In the US, food is a corporate thing. We have visions of the small family farmer, but increasingly, that is a nostalgic idea. Huge agribusiness controls what food we have access to and eat. Monocropping is the usual practice. Due to this, 80% of the calories we consume are from only four different foods—corn (by far the most common crop planted), soy, wheat and rice. This also means that food is heavily processed—we do not eat that much corn, but we do consume huge amounts of products derived from corn, especially high fructose corn syrup, which is in practically everything, it seems. It is also quite damaging to the liver and is not metabolized the same way sugar is, leading some researchers to suggest that it could be a factor in obesity. Because food corporations have a responsibility to make money, not to nourish people, we get a supermarket full of what I call pseudofood-this is laden with unpronounceable chemicals and very little actual food. And there is plenty of that—it has been shown that in the US there are twice as many calories available per person that needed (3900 calories per person per day). Supermarkets, too, want to make money, so the industry has done many studies to see how people shop. Think of your regular supermarket. Where’s the milk? Chances are it’s in the very back of the store. This is because studies have shown that people go to the store most often for milk and that the longer you can keep shoppers in the store, the more likely they are to buy more. So if you have to get to the back of the store for your milk, you might pick up some chips, or cookies, or some other high-profit-margin food as well. No one makes much money off of food in its basic form, so you will see produce, meat, eggs, and milk around the perimeter of the store and all of the processed foods front and center. Chain stores also impose shelving fees on companies who want to place their foods. These can be as high as $100,000 dollars, making it very difficult for small producers to get into the game. So in this country, the food culture is simply a large part of consumer culture with the corporations having most of the power and getting the same breaks other businesses do. And again, their goal is to make money and not to provide food that nourishes body or soul. Their mantra is that we all have personal choice and can exercise that in any way we want, however they fight hard to stop us from getting the information that would allow us to make choices as they usually spend a great deal of money opposing labeling laws that would provide concumers with valuable information about what they are buying. They want us to choose from a place of ignorance instead of giving us what we need to make informed choices.  So how will you choose?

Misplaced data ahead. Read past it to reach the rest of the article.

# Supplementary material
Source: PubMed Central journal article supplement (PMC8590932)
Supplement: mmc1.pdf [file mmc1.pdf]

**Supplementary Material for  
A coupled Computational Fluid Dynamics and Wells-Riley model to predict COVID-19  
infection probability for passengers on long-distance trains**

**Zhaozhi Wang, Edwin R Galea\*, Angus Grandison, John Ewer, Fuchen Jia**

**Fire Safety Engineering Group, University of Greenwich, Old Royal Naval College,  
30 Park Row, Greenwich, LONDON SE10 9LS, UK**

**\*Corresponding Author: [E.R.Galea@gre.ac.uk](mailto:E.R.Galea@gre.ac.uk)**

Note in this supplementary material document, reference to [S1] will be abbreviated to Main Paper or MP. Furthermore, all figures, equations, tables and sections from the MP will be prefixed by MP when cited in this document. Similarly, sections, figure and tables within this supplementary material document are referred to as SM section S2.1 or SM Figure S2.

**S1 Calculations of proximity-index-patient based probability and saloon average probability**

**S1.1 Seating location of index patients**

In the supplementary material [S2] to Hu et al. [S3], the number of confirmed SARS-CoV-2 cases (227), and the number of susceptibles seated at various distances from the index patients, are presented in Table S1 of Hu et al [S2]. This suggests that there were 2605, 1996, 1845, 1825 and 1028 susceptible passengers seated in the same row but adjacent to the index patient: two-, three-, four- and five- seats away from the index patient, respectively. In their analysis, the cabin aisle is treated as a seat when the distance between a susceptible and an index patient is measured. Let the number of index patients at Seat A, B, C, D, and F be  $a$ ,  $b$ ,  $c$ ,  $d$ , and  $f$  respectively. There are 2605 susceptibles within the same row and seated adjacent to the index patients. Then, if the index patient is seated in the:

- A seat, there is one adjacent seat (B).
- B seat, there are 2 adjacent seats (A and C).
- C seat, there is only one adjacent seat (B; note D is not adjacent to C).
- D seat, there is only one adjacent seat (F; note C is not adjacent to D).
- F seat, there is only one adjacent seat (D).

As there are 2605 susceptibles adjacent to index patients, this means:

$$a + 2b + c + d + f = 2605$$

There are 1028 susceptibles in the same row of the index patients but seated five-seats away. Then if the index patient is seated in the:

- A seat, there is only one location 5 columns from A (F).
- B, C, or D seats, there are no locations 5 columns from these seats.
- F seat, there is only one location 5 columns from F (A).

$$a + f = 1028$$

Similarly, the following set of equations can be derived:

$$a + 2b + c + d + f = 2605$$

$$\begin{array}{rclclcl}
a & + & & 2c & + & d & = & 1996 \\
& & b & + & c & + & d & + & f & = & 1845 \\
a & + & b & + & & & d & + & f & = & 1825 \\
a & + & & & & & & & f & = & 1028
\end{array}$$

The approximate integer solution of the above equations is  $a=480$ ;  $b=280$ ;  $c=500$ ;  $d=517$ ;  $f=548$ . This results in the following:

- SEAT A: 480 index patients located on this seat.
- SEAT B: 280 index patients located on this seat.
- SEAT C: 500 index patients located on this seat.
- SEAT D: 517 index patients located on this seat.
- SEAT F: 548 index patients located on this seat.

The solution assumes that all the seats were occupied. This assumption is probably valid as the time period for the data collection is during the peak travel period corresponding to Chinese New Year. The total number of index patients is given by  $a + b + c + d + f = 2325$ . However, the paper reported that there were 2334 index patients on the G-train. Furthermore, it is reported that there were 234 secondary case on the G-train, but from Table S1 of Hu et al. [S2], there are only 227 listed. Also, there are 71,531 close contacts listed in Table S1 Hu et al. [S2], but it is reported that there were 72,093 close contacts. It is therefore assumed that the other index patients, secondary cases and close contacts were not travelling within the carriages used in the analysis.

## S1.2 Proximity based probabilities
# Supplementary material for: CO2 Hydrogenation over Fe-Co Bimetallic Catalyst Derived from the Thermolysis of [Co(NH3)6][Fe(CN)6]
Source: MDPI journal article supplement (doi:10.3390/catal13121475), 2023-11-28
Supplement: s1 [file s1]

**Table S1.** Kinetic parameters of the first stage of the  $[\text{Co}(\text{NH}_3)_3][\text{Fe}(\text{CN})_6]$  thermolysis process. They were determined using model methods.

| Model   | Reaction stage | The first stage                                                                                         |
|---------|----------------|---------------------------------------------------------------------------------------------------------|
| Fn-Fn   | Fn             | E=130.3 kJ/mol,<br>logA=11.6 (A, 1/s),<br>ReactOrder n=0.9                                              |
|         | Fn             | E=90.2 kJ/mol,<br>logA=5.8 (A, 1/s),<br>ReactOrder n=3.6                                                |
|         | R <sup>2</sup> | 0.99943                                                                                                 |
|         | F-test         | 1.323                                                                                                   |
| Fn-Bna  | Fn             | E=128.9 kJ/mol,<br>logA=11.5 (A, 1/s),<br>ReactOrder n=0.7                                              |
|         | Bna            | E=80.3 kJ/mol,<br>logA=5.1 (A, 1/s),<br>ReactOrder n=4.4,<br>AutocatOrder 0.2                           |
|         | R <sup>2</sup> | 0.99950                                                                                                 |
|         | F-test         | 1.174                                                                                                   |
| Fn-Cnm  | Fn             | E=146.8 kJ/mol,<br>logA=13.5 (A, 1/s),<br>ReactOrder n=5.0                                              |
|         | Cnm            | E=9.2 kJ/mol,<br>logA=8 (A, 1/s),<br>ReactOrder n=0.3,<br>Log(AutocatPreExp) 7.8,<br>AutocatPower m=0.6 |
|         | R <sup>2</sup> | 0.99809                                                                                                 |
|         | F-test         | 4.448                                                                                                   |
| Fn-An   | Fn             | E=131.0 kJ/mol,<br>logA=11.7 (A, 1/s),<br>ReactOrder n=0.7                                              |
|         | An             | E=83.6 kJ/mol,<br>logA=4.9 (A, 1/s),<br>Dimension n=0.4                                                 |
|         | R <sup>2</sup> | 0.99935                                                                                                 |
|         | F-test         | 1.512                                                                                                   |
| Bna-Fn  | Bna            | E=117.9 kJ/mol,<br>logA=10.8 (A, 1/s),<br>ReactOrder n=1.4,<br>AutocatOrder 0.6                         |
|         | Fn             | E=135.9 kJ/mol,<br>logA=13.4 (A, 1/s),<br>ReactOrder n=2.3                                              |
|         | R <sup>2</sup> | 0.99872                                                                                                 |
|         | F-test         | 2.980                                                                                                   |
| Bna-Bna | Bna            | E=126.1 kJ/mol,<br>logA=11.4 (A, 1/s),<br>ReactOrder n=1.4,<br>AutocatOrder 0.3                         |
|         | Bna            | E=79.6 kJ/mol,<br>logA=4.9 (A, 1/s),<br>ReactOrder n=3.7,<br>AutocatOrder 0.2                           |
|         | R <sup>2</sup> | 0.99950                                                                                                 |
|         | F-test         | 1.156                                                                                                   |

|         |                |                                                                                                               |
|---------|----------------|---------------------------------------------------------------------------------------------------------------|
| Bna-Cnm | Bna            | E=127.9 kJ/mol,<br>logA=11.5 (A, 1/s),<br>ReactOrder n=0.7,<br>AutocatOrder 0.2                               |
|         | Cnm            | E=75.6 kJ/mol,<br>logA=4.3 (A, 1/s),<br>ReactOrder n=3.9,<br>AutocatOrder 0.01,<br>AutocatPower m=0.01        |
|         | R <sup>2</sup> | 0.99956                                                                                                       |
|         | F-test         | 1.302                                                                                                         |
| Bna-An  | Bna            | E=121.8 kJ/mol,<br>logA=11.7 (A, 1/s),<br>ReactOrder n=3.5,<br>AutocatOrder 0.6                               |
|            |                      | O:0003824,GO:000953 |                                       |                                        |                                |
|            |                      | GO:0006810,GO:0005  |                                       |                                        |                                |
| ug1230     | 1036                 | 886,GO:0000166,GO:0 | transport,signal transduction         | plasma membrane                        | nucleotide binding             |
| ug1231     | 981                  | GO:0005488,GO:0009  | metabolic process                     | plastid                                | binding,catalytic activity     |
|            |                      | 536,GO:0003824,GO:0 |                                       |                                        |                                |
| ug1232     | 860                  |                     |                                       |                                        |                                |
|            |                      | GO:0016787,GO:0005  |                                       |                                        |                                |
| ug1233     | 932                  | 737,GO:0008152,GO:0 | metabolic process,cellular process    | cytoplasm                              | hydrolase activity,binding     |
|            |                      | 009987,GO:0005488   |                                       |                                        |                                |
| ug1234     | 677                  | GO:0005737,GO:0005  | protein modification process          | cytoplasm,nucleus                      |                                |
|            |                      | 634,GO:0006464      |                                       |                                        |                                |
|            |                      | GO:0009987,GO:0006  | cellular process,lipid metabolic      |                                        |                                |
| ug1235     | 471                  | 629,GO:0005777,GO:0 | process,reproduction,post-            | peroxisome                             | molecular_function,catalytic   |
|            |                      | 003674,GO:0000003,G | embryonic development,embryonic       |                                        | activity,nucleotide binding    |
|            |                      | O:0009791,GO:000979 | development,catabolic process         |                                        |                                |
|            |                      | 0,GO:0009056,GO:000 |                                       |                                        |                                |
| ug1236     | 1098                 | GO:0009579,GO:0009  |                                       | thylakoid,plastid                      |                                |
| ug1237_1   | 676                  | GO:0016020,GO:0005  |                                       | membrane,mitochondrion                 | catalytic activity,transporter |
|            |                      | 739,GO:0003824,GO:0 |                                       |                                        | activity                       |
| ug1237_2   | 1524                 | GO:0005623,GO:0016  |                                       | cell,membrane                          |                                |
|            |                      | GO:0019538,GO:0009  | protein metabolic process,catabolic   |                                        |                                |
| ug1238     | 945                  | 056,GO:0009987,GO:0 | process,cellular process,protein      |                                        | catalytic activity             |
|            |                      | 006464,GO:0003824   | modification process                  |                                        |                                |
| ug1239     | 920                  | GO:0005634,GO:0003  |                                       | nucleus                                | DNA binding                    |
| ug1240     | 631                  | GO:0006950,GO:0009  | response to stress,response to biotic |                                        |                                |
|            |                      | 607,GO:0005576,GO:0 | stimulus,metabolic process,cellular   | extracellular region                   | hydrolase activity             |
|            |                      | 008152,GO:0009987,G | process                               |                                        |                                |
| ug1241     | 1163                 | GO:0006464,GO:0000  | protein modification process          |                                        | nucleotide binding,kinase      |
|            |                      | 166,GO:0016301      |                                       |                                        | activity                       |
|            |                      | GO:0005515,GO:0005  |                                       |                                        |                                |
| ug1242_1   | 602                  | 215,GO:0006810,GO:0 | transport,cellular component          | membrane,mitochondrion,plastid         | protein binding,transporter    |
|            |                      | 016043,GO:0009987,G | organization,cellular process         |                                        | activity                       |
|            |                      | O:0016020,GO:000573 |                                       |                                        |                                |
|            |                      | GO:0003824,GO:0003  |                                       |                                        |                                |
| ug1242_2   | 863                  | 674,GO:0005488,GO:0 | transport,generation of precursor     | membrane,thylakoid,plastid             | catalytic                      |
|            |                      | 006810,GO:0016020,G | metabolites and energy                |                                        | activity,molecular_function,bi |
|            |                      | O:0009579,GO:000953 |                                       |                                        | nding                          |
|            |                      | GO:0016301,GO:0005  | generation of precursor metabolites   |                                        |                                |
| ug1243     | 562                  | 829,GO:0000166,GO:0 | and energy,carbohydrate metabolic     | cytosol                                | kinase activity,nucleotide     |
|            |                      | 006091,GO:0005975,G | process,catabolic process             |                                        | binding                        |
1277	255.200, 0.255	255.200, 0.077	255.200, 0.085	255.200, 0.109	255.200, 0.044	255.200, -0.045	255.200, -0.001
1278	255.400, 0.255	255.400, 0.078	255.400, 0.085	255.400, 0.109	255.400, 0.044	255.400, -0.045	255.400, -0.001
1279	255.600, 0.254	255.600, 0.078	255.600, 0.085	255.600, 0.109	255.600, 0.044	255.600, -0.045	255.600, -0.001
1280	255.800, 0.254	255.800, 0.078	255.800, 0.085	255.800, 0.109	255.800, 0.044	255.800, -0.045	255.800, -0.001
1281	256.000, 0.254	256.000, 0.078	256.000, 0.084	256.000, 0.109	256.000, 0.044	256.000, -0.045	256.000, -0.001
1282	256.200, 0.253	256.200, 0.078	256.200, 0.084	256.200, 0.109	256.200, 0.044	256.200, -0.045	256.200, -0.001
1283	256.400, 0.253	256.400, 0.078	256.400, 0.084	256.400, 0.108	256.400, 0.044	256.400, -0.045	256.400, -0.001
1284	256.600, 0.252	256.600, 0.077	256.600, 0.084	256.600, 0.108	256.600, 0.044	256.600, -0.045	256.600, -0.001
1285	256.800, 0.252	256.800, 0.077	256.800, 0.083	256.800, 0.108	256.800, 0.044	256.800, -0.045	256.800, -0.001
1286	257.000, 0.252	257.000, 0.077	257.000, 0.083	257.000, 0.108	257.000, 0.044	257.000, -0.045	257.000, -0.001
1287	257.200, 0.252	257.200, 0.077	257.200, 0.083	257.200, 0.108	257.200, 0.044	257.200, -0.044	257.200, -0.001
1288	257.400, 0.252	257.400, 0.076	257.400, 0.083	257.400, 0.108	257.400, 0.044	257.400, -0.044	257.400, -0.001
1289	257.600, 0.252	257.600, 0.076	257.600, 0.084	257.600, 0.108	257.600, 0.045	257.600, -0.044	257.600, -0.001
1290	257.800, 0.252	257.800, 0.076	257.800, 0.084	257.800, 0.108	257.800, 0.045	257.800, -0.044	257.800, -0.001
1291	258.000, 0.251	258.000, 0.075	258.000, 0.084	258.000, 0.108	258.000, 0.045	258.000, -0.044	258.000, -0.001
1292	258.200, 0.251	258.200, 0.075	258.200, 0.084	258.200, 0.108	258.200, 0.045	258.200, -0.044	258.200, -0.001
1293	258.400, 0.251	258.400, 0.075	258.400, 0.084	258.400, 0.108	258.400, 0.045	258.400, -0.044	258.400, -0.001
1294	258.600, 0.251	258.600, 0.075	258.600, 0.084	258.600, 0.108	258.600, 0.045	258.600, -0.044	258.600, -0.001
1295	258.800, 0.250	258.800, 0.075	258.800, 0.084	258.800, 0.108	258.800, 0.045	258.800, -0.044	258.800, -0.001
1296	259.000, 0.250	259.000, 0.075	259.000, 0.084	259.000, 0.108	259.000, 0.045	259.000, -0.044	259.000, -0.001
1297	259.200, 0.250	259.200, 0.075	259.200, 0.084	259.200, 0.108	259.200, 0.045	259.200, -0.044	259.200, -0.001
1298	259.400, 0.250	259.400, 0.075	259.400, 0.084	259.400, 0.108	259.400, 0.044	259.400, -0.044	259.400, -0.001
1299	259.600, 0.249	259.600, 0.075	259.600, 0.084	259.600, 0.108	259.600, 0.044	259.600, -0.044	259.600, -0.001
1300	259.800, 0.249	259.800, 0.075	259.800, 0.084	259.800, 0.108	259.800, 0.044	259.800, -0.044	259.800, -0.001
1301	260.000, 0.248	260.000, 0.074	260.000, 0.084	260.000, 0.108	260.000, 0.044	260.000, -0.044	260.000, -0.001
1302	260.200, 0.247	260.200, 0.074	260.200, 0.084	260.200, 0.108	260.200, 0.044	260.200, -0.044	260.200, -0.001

QUESTIONS TO CONSIDER
Week 1
comments and/or questions? mailto:sharianburke@gmail.com


How do you usually shop? Do you buy foods primarily from the perimeter of the store and prepare them yourself, or do you buy foods that have already been prepared? Do you like to cook/prepare food or do you see this as a chore? If you do not cook, why is this? Do you feel pressed for time, unsure of what to do in the kitchen, just don’t find it enjoyable or some other reason?

What does your/your family’s food life look like? Are meals a time for relaxed social interaction, are they stressful, or are they something to be endured and gotten through as quickly as possible?

How do you view food on an everyday basis? Is it basic fuel to help you get through your day? Is it a part of your creative life? Is it an aspect of sociality? Are you happy with your relationship to food?

Are food and ethnicity connected in any way for you? What about food and identity?

Do you enjoy grocery shopping or find it to be a frustrating experience? Do you find the information you are seeking, if any, on food labels? Do you feel you have enough information about what is in the food you buy, how it’s processed, and where it came from? What would you like to see in grocery stores and from food manufacturers?